The researchers, whose findings were reported Monday in the online edition of the Proceedings of the National Academy of Sciences, suggest apparently standard BSE cases be tested for the new form.

"Although observed in only two cattle," they wrote, "the BASE phenotype could be more common than expected."

However, while the new form shares similarities with human CJD, both the researchers and others who reviewed their work cautioned against assuming a link between the two.

Their finding adds another layer of complexity to a growing pile of evidence that suggests the connections between CJD and mad cow disease are not as straightforward as once thought.

In a 2002 article, British researcher John Collinge -- who helped document the similarities between mad cow disease and variant CJD in humans -- discovered that mice infected with the prions that cause mad cow disease developed both the variant and traditional forms of CJD.

Brown noted there have been unpublished reports from Japan of cows with a different form of mad cow disease. And in 1998, three of the Italian researchers even documented a case of CJD in an Italian man whose cat was simultaneously stricken with a feline form of the disease.

'More suspicious'
The precise source of BSE is so crucial because it dictates how governments respond to prevent further human cases of mad cow disease.

Cattle are believed to develop BSE from eating infected tissues of other animals. That feed has now been banned in many countries, including the United States -- which in 1997 banned its use on cows and some other livestock but still allows it on certain animals.

However, Cashman noted, the Italian scientists' discovery resurfaces earlier considerations that the first case of BSE might have formed spontaneously, rather than a result of feeding cattle protein to other cows, as has been suspected.

Similarly, Dr. Michael Hansen, who researches prion diseases for Consumers Union, said the new findings cast additional skepticism on the long-held notion that all mad-cow cases stem from the same aberrant prions uncovered in British cattle. The clear line generally drawn by researchers between the sporadic and variant forms may be more difficult to maintain.

"People always thought it strange that all these cases of mad cow so far were one strain," Hansen said. "It doesn’t prove anything, but it's more suspicious. We need to pay more attention to all forms of CJD," not simply the form tied to mad cow disease.

Questions about testing
The findings, and the recommendation for broader testing, are likely to raise new questions about the current methods to detect BSE.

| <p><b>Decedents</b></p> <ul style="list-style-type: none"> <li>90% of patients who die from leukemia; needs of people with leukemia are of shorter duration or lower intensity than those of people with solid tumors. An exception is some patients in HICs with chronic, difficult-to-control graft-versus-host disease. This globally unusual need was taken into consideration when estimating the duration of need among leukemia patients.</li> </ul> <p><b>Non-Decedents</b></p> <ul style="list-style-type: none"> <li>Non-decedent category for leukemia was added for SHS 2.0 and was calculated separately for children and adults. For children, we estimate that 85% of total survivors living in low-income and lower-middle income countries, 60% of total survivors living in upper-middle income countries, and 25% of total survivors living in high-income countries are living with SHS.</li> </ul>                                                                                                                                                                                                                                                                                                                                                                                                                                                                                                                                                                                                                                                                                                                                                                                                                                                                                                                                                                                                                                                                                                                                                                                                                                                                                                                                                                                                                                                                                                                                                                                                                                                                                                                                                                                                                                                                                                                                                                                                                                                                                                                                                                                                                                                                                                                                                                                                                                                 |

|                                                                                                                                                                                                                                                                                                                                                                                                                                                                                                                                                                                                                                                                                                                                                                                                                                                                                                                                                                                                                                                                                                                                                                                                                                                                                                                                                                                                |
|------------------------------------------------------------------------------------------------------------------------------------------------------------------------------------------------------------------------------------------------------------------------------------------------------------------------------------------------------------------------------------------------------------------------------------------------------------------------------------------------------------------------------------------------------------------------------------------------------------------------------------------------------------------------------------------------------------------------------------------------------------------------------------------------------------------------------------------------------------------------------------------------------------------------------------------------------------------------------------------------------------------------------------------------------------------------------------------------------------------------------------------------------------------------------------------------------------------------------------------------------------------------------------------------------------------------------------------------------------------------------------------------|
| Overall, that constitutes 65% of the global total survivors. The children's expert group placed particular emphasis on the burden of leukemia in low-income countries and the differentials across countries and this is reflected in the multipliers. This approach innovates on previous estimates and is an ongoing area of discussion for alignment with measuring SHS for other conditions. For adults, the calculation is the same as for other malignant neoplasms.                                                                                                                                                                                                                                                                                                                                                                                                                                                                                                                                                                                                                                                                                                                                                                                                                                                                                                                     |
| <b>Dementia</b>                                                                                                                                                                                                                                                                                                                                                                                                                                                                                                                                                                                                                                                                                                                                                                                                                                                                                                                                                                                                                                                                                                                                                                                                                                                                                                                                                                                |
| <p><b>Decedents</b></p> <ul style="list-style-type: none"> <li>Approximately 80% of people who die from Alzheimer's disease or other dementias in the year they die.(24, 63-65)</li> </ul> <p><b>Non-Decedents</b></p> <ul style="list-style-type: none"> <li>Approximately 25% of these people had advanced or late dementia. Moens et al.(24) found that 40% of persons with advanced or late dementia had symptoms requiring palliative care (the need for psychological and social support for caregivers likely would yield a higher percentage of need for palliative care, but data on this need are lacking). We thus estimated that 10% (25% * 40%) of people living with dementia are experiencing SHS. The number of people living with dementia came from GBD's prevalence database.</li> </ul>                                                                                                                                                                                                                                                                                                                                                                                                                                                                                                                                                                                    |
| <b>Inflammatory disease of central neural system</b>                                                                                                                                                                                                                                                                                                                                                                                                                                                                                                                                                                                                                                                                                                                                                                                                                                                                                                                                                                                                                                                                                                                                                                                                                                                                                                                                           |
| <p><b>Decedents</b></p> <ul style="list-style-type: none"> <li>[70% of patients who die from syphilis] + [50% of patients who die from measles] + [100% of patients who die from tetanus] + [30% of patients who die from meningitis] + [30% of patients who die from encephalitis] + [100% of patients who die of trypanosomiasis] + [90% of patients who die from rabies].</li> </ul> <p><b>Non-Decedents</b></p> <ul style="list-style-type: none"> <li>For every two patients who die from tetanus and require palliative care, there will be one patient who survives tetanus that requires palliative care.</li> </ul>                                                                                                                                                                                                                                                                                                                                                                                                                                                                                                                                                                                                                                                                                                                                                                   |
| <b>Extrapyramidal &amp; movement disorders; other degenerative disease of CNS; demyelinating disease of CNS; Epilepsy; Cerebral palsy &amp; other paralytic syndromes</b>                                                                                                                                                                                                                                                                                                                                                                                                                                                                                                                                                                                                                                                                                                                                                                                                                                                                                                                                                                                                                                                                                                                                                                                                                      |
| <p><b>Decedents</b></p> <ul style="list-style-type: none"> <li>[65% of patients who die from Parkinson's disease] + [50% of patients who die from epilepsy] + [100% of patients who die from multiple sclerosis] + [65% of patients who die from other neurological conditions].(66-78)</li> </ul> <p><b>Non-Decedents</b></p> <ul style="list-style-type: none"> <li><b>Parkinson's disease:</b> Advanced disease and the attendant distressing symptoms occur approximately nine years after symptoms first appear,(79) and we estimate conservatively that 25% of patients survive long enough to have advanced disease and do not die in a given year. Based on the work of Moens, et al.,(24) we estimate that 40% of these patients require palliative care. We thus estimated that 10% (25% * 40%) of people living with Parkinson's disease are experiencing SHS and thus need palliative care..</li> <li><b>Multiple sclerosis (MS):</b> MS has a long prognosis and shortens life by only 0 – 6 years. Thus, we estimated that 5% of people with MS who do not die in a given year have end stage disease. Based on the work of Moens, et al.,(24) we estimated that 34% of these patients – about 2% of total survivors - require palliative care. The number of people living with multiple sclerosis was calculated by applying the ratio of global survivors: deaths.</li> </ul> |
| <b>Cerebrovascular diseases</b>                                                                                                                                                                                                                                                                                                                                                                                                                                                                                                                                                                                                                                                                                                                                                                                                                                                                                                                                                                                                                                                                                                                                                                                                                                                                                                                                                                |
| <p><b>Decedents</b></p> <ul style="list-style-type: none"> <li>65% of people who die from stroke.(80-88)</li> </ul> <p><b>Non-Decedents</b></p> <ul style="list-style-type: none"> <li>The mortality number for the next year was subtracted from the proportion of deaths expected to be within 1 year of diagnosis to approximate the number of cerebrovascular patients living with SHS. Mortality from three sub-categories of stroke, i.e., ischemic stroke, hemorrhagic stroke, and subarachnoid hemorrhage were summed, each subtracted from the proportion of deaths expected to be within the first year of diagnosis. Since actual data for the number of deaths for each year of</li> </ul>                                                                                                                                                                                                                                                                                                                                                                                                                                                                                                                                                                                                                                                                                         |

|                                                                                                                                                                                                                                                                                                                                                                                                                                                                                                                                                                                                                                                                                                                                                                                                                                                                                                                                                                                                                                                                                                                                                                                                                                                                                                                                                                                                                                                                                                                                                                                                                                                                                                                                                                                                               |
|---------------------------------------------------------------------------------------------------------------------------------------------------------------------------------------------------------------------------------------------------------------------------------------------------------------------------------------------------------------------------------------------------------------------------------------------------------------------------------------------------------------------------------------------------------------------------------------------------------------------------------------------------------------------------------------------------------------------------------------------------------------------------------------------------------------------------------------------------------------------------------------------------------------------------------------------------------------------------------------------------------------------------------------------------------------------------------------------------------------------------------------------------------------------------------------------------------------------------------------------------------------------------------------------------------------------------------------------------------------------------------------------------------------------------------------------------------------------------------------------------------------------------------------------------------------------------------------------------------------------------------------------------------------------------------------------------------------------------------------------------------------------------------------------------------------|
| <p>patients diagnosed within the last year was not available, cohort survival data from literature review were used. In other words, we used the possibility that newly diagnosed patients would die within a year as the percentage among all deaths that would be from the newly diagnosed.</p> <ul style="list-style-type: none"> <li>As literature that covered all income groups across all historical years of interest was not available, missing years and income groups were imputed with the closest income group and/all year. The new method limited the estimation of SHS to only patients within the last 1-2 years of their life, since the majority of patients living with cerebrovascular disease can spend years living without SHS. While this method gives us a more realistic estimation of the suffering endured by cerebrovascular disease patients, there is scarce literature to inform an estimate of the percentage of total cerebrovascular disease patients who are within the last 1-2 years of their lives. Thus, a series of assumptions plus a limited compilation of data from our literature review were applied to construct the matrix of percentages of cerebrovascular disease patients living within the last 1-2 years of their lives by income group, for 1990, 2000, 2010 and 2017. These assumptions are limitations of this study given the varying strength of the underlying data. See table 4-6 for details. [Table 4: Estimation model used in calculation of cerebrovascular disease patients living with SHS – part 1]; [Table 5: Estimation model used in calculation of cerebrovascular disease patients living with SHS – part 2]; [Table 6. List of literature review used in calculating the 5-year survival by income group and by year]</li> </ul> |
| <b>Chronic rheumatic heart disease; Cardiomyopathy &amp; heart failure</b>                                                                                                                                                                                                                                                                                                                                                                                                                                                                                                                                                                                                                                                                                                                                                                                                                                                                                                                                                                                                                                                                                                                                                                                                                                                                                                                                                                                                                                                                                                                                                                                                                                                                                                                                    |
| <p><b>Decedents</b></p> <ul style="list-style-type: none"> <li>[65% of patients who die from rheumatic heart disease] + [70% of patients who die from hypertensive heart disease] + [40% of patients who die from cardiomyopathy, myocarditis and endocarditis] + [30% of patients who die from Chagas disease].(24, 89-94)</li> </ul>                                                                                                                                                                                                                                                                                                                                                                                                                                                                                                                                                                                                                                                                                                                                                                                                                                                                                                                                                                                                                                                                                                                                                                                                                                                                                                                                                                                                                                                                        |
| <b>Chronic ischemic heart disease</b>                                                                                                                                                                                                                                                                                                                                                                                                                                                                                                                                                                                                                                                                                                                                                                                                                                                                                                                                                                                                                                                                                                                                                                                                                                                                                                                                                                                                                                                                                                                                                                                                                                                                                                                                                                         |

Authorities discovered the first U.S. case of mad cow disease last December in a Washington state dairy cow imported from Canada. The cow was one of 20,000 tested by American officials in 2003, in a surveillance program that mostly focused on injured and sick cows.

This year, the U.S. Department of Agriculture plans to test 40,000 head of cattle for mad cow disease, out of some 35 million slaughtered annually. The testing levels, while in compliance with international guidelines, fall far short of testing regimes in many other countries.

The Italian scientists, for example, discovered the aberrant cases through the use of rapid BSE testing kits used to test 1.6 million Italian cows between January 2001, when the Italian government mandated testing on all older cattle, and August 2003.

Calls have increased in recent weeks for the use of rapid tests and of more widespread testing on the U.S. herd. A panel of House lawmakers Tuesday told the U.S. Department of Agriculture that it needed to expand its testing to at least 200,000 head of cattle.

The USDA has said the current plans for testing are sufficient. It announced Feb. 9 that it had ended its probe to find other suspect cattle from the same birth herd as the infected cow, finding only 14 of the 25 cows considered at highest risk.

While American testing procedures remain focused on sick cattle, the researchers in Italy did not indicate that the cows in the study exhibited outward signs of illness at slaughter. However, they were 11 and 15 years old -- older than most cattle intended for human consumption. Researchers also hope to find out more about the effects of aging on BSE and related diseases.

The Associated Press contributed to this report.